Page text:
Irish citizens to lose their UK vote?

Lord Goldsmith’s paper on British Citizenship has excited a lot of comment in Britain. Michael White just wonders, if ain’t broke, why fix it? Chicken Yoghurt just isn’t keen on Patriotism of any description. The CEP blog is not impressed either, saying the proposals are skewed towards making the English buy into Britishness and everyone else doing what they like. Rick MUir reckons the whole furore is obscuring the fact that there is a need for more ceremony. But the real kicker, for the Irish at least, his is proposal to bring down the curtain on Republic of Ireland nationals’ right to vote in Westminster elections. That would mean that were Catriona Ruane, for instance, to stand for election in South Down, she could not vote for herself. Gerry Adams could, since although presumably an Irish citizen he was born inside the UK and therefore would remain legally entitled to vote for himself in West Belfast.

If anything the consequences in Northern Ireland would be marginal. But in Britain, the largest single source of people born outside the UK come from the Republic: about 70,000 more Republic of Ireland-born people (537,100) than Indian-born (467,600). That’s a big change. And not a decision any one in the Labour Party would take lightly (since the Irish in Britain are a still prominent group amongst its own party activists).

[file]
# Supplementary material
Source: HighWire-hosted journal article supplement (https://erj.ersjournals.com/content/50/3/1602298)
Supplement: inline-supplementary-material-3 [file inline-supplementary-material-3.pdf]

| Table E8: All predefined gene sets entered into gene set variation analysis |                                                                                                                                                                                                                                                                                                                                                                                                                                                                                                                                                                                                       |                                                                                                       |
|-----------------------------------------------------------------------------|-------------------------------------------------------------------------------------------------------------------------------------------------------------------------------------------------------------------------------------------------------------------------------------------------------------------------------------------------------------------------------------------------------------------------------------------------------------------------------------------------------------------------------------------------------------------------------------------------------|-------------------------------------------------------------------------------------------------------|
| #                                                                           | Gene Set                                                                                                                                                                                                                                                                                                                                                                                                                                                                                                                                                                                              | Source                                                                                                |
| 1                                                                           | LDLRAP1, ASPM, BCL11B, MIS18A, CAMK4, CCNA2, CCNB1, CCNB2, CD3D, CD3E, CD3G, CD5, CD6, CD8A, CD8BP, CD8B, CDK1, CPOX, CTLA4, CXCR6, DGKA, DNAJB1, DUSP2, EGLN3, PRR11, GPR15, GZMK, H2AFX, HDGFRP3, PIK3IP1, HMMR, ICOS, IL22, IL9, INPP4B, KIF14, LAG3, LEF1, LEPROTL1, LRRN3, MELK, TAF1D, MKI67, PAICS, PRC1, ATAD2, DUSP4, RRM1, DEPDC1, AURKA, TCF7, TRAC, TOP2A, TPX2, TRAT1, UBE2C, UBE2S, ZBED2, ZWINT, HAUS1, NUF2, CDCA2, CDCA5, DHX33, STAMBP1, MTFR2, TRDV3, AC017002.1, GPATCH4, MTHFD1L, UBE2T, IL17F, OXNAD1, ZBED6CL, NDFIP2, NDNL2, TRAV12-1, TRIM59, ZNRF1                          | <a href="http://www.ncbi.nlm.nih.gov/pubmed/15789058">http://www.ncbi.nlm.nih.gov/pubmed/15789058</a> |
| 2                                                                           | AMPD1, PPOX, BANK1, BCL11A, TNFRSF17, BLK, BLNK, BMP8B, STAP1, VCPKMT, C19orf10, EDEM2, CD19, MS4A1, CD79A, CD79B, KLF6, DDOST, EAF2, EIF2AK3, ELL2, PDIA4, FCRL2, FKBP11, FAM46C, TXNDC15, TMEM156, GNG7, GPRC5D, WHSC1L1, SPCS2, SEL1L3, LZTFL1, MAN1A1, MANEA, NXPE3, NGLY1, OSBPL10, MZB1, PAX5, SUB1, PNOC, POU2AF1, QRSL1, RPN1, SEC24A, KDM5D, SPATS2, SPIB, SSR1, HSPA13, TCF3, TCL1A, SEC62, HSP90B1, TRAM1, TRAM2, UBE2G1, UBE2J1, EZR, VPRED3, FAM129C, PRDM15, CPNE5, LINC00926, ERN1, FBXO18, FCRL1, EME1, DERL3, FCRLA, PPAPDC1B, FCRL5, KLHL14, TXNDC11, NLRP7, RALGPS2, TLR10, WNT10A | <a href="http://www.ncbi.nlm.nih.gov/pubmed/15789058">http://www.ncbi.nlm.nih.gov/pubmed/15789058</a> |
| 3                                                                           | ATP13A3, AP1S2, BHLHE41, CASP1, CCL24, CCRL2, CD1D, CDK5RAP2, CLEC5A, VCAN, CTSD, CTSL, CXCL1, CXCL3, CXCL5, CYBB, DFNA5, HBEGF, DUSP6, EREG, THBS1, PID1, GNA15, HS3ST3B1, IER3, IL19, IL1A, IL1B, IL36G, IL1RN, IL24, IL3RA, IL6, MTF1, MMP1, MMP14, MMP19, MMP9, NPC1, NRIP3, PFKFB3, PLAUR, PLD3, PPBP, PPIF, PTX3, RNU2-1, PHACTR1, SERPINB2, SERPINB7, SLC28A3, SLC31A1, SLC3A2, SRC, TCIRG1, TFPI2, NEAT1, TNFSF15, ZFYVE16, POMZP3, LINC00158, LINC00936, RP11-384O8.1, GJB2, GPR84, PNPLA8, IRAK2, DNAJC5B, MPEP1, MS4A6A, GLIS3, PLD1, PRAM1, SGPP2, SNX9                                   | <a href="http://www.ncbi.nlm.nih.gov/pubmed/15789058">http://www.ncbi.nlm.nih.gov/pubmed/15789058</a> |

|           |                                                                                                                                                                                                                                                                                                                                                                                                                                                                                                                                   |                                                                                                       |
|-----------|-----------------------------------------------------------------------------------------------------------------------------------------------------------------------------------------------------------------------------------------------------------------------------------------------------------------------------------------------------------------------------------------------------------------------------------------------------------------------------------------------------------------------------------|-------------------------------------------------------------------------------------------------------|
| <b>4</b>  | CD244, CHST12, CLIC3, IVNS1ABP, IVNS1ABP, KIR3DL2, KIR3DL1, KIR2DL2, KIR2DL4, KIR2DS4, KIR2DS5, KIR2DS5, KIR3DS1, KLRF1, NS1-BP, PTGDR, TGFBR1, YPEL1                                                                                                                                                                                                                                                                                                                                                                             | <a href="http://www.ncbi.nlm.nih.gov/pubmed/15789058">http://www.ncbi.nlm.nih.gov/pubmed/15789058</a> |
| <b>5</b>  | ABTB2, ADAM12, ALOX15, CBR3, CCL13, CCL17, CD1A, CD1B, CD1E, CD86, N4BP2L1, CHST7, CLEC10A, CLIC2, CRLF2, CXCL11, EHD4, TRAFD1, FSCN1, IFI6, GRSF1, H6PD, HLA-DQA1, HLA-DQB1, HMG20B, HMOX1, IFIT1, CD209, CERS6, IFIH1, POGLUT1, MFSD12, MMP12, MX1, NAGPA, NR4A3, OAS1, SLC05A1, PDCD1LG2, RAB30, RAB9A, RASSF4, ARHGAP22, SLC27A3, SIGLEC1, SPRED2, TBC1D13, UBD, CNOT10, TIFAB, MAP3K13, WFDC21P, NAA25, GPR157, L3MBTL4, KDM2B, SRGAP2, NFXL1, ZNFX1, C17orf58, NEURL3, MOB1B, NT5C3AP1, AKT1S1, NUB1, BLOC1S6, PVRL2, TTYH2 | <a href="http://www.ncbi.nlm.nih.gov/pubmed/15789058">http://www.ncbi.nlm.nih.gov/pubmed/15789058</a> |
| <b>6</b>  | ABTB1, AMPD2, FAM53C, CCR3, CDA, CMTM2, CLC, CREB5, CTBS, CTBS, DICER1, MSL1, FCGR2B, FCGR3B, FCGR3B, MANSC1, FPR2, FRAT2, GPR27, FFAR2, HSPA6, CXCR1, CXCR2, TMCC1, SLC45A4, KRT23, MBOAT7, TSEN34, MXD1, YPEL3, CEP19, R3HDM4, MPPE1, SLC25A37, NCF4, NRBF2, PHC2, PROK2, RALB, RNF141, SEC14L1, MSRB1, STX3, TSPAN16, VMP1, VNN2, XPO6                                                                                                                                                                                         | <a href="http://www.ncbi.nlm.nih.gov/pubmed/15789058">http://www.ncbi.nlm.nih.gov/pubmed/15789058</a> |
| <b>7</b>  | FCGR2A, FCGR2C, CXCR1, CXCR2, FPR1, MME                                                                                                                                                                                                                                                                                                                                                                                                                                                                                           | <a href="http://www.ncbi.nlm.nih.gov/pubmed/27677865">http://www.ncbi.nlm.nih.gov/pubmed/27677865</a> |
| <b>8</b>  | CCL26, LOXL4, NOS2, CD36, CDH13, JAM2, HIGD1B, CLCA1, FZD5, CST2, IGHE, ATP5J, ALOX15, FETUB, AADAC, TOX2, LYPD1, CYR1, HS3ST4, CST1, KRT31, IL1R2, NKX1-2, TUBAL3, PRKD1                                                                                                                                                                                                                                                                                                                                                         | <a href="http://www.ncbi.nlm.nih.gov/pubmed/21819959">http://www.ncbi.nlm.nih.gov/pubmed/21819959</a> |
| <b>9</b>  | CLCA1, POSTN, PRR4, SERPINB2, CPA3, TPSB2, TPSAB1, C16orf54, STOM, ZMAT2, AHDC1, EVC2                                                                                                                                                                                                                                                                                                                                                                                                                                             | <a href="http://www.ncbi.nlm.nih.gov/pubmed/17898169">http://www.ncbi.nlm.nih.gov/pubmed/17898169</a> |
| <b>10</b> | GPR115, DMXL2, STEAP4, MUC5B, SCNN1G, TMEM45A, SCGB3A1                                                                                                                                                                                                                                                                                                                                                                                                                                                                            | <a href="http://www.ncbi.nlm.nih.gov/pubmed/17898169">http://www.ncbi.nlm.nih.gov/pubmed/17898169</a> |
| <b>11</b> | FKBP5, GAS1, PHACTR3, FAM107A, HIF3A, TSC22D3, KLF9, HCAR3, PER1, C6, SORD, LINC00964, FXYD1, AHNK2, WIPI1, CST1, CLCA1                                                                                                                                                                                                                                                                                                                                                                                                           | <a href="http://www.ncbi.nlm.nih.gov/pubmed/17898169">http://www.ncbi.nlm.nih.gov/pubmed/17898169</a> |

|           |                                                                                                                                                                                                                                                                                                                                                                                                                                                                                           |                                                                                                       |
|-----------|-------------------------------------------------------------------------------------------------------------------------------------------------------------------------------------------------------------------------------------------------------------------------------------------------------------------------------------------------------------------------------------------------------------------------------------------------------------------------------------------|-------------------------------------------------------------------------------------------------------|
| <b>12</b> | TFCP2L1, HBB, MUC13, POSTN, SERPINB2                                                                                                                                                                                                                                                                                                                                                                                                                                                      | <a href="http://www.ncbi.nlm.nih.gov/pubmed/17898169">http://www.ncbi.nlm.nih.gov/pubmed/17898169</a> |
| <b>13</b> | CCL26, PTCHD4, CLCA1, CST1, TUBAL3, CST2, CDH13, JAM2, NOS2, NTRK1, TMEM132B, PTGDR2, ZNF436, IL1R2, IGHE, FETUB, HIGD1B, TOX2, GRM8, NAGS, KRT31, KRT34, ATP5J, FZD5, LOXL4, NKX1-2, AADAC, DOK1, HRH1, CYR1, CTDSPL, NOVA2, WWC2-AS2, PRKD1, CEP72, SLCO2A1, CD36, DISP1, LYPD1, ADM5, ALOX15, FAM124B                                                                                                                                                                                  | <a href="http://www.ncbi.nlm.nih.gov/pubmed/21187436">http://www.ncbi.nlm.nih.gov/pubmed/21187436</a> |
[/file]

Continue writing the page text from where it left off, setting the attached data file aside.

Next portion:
Ciaran has more of the detail and explores the historic ambiguity of the relationship between the UK and the Republic.

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  • Mark Fartlighter

    I suppose it could be argued that you cant have it every way, that is is a pretty pointless vore and one could also say that that as no-one in Northern Ireland can vote for any party that would ever be in a position of power.

    That said, presumably hundreds of thousands of nationalists could no longer vote in westminister elections.

    A propaganda victory never before achieved methinks.

  • willowfield

    That said, presumably hundreds of thousands of nationalists could no longer vote in westminister elections.

    How do you work that out?

  • Mark Fartlighter

    Willowfield,

    Made an error.

  • Bernard Dunne

    I was waiting for a thread like this to bring up two things that slugger has missed.

    1) Can you imagine a Pledge to Queen and country in the North of crapland.

    This debate will descend into Unionists telling Nationalist that they MUST take the pledge.
    And Nationalists Telling Unionist No bucking way